"Hardtack and Hard Times":Rose Greenhow

Ned Jilton • Nov 11, 2013 at 12:01 AM

Many blame the Union army loss at the Battle of First Manassas on Gen. Stonewall Jackson. If you really want to know who to blame, blame a woman.

Rose O’Neal Greenhow, born Maria Rosetta O’Neal, grew up in Maryland until the age of four when her father was killed by his slaves. After that she was invited to live with her aunt Maria Ann Hill in Washington D.C.

Growing up in her aunt Hill’s boarding house gave her the opportunity to meet important figures in the Washington area including Dr. Robert Greenhow whom she married in the 1830’s.

Unfortunately Dr. Greenhow died a few years later leaving Rose a widow with children. Still she mingled with people in prominent circles of the nation’s capitol.

Baltimore newspaper columnist, Carrol Dulaney, wrote of Greenhow, “During the Buchanan administration, Mrs. Greenhow was one of the social leaders of Washington. A widow, beautiful, accomplished, wealthy and noted for her wit, her home was a rendezvous for those prominent in official life. President Buchanan was a close friend and so was William H. Seward, then Senator from New York and later Lincoln’s Secretary of State. Her niece, a granddaughter of Dolly Madison, was the wife of Stephen A. Douglas.”

It was during this time that Mrs. Greenhow became acquainted with John C. Calhoun. The South Carolina politician fired her passion for the Southern cause. When the war started Greenhow became a Confederate spy.

Through her contacts in Washington, Greenhow was able to get the plans of the Union army advance to Manassas railroad junction and smuggle them through the lines to Gen. P.G.T. Beauregard. If it were not for the timely arrival of this information, Stonewall Jackson and his troops would have been in the Shenandoah Valley when the battle was fought and history would be very different. Confederate President Jefferson Davis himself credited Greenhow’s information for the victory.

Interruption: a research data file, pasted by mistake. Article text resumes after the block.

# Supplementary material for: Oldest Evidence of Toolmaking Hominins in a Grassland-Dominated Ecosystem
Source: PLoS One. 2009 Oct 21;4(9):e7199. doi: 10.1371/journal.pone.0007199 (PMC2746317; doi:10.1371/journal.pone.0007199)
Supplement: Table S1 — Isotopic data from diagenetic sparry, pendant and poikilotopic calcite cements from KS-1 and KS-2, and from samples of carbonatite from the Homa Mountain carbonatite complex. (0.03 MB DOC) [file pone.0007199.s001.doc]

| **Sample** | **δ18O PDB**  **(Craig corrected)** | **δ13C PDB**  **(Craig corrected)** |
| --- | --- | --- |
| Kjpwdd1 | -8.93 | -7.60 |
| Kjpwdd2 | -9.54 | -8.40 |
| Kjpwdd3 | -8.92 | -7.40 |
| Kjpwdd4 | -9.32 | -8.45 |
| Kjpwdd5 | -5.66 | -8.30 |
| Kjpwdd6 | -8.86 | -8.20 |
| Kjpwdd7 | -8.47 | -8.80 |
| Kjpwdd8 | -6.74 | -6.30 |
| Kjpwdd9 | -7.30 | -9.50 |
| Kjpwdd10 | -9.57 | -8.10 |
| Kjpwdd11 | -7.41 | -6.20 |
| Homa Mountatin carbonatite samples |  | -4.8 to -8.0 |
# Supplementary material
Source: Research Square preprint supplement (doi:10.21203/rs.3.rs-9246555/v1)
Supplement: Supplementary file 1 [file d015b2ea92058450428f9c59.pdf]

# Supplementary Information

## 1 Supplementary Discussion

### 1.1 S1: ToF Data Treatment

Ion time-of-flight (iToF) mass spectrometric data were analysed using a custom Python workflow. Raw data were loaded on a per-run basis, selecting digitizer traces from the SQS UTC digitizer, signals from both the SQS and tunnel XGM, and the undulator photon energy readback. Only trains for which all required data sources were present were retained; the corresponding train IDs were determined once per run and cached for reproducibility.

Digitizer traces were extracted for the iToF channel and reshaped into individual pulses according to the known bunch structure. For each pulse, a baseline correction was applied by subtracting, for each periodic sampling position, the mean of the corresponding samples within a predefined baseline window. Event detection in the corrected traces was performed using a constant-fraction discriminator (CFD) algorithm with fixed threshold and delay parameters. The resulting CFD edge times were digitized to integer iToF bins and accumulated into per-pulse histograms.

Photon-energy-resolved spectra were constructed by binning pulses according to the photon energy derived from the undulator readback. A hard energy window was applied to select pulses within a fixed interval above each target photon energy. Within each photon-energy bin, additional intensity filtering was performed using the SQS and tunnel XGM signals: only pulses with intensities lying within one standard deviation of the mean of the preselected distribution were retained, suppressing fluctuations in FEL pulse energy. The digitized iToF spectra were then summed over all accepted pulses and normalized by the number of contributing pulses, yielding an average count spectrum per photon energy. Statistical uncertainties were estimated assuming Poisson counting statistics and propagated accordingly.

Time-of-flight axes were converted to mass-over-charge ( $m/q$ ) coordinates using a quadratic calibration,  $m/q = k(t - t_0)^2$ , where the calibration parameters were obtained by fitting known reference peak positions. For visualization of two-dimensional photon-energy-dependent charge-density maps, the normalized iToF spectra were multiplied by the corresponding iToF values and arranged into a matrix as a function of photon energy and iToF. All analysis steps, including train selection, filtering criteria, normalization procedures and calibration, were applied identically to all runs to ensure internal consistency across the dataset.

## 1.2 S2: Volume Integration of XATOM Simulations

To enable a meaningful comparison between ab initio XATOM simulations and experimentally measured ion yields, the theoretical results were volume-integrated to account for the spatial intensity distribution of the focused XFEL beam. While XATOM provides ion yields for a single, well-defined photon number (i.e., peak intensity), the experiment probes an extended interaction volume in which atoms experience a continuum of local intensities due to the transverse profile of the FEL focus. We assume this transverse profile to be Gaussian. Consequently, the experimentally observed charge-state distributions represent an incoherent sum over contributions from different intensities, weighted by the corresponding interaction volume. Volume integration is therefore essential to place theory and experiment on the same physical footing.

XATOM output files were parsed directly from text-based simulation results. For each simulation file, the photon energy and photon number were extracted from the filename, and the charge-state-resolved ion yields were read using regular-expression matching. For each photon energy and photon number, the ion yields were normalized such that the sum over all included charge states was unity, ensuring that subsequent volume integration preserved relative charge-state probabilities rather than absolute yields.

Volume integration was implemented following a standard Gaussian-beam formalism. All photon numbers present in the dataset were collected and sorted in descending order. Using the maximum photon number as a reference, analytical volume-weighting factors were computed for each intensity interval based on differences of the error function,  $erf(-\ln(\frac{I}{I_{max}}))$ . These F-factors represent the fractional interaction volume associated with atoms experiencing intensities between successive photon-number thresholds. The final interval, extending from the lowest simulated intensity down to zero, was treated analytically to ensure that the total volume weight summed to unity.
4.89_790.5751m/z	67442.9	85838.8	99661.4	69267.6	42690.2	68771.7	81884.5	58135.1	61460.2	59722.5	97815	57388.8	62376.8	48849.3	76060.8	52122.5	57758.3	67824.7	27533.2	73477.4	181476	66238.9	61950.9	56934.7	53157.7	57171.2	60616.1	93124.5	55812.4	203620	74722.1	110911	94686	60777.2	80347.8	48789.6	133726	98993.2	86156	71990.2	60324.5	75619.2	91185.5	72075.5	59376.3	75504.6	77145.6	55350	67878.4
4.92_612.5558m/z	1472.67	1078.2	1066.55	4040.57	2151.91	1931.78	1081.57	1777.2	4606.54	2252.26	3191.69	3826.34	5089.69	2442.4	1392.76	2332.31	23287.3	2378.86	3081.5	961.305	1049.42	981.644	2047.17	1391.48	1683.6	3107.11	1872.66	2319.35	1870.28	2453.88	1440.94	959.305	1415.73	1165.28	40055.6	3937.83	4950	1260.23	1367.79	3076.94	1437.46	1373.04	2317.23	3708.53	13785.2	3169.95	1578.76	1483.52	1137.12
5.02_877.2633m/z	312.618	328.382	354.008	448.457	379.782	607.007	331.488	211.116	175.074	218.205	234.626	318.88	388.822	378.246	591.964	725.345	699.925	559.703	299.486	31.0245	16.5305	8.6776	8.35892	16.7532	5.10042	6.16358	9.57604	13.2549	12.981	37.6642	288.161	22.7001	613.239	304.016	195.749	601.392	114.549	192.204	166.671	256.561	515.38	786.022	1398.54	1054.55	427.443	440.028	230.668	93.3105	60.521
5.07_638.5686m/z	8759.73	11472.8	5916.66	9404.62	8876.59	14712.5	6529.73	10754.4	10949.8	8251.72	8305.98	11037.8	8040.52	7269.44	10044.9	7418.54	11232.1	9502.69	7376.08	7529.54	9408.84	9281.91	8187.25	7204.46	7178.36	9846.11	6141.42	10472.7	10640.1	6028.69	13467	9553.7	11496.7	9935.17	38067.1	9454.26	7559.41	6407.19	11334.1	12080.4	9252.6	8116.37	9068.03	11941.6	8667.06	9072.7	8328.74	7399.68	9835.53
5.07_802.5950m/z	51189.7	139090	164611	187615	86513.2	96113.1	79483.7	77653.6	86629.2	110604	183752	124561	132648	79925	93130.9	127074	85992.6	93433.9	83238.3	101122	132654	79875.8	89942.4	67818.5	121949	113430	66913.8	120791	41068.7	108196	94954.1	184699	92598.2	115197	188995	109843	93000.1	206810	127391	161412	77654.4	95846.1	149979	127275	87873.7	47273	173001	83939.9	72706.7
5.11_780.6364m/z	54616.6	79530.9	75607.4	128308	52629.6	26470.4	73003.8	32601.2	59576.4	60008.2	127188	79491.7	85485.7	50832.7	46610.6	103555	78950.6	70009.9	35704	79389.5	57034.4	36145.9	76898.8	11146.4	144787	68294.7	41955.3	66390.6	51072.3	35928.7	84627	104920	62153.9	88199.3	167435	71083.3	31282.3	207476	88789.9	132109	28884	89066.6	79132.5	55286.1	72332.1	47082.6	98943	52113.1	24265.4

Greenhow’s activities had not gone unnoticed in Washington and in August of 1862 she was arrested by Allan Pinkerton, founder of the famous detective agency, and along with her 8 year-old daughter eventually confined in the old Capitol Prison.

Greenhow’s treatment in prison was not the best as she stated in a letter to the Secretary of State, William H. Seward, part of which reads.

“Sir, For nearly three months I have been confined, a close prisoner, shut out from air and exercise, and denied all communication with family and friends. Patience is said to be a great virtue and I have practiced it to my utmost capacity of endurance.”

“I therefore most respectfully submit, that on Friday, August 23, without warrant or other show of authority, I was arrested by the Detective Police and my house taken in charge by them; that all my private letters, and my papers of a life time, were read and examined by them; that every law of decency was violated in the search of my house and person, and the surveillance over me.”

“It is my sad experience to record even more revolting outrages than that, for during the first days of my imprisonment, whatever necessity forced me to seek my chamber, a detective stood sentinel at the open door. And thus for a period of seven days, I, with my little child, was placed absolutely at the mercy of men without character or responsibility; that during the first evening, a portion of these men became brutally drunk, and boasted in my hearing of the "nice times" they expected to have with the female prisoners.”